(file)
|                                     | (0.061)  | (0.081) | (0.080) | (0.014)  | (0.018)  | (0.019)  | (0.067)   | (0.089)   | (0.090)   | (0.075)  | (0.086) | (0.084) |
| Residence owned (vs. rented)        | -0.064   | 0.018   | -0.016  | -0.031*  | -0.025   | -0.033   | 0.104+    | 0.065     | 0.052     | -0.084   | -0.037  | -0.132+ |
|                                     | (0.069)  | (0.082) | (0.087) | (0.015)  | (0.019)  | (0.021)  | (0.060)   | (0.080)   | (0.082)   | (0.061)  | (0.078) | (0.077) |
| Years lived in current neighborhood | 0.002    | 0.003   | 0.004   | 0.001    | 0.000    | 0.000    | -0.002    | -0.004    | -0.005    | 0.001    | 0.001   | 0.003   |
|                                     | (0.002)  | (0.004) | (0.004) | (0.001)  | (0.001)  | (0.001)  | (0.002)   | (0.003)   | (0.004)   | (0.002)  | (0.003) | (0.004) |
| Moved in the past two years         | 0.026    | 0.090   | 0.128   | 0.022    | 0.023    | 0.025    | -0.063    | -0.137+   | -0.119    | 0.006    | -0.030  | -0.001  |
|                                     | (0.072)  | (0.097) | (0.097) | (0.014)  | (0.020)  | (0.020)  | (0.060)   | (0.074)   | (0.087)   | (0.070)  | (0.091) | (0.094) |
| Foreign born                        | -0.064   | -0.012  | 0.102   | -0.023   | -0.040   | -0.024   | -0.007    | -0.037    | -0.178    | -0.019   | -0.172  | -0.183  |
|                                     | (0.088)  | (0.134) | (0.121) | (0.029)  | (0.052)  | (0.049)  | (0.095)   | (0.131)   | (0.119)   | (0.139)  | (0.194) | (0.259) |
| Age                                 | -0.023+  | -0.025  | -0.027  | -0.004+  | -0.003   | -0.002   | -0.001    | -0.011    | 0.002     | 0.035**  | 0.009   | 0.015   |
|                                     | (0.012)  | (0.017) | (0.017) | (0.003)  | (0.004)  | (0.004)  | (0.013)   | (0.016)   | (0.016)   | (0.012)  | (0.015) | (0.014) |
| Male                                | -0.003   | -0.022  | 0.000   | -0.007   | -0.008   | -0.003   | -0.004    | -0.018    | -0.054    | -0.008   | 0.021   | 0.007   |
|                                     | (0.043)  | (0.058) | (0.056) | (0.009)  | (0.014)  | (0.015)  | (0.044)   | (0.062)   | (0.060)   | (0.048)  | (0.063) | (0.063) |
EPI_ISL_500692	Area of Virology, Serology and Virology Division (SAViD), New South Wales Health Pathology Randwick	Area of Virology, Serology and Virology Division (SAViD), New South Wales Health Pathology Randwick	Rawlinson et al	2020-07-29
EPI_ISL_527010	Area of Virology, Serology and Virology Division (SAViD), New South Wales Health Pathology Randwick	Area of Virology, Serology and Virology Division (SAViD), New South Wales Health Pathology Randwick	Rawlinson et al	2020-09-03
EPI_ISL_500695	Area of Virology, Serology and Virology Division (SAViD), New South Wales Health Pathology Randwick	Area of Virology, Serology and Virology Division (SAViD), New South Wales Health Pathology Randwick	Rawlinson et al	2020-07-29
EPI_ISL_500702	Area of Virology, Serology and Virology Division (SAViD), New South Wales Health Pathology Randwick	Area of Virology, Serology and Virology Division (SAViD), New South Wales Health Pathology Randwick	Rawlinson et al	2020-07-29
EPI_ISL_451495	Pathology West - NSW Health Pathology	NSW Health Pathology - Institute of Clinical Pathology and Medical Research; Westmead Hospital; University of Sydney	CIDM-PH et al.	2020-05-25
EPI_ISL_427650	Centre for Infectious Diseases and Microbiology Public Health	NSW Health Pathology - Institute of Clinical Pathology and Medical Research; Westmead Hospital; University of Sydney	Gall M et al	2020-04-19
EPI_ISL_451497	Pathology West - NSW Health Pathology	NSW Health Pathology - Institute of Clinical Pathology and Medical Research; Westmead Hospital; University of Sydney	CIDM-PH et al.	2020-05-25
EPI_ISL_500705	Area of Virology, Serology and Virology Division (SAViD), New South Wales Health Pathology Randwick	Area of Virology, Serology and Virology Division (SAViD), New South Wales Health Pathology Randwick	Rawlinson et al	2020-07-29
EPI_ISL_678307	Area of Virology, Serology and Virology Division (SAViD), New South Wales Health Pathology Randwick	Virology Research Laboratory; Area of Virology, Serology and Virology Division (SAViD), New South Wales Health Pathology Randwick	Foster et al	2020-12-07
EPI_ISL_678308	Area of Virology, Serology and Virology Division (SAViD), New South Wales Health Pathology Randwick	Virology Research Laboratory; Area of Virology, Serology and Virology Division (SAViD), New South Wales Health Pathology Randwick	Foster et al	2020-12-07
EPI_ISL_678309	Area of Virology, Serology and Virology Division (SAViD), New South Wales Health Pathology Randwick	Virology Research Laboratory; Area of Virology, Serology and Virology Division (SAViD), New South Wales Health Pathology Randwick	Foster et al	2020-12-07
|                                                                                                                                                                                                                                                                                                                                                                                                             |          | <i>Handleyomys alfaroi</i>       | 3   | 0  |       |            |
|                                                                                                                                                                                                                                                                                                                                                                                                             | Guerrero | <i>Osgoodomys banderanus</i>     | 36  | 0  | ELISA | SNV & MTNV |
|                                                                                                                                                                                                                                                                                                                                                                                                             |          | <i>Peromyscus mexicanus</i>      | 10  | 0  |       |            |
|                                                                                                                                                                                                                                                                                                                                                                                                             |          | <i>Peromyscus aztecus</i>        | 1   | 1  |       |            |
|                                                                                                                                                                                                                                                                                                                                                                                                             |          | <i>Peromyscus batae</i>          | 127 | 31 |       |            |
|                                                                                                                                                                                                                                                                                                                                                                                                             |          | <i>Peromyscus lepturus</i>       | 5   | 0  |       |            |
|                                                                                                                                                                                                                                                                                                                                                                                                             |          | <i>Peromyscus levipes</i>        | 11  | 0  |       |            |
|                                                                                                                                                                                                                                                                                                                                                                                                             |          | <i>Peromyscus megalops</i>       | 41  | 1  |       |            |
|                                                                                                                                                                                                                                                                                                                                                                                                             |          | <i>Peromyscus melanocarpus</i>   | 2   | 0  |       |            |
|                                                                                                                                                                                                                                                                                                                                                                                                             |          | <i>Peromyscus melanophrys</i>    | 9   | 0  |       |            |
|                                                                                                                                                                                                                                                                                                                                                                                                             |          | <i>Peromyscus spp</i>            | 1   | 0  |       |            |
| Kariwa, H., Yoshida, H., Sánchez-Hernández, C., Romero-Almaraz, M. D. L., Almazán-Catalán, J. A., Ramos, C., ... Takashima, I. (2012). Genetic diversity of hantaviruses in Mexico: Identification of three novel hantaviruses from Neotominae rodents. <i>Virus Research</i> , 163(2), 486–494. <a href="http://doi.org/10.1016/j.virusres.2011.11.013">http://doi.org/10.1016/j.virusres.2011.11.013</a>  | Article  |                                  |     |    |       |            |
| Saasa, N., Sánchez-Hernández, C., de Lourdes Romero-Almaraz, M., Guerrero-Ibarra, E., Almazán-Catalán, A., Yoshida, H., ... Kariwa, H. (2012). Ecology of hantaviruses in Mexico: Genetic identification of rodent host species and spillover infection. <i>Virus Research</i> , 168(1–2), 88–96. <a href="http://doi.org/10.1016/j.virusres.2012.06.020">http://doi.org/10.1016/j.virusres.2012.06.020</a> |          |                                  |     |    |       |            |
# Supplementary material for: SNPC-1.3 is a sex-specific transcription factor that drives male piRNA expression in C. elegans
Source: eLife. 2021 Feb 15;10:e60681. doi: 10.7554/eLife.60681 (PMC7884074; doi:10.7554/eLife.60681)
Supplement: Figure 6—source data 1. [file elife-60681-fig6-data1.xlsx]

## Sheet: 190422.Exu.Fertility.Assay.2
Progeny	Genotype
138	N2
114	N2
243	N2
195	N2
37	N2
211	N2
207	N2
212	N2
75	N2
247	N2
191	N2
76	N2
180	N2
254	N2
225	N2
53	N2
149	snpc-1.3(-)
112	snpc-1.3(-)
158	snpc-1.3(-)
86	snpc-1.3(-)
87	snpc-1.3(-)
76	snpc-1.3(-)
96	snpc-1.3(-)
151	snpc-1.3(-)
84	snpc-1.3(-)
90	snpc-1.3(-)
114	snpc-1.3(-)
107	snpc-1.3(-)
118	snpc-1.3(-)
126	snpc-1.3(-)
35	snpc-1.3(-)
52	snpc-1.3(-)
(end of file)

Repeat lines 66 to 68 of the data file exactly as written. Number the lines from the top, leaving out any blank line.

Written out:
151	snpc-1.3(-)
84	snpc-1.3(-)
90	snpc-1.3(-)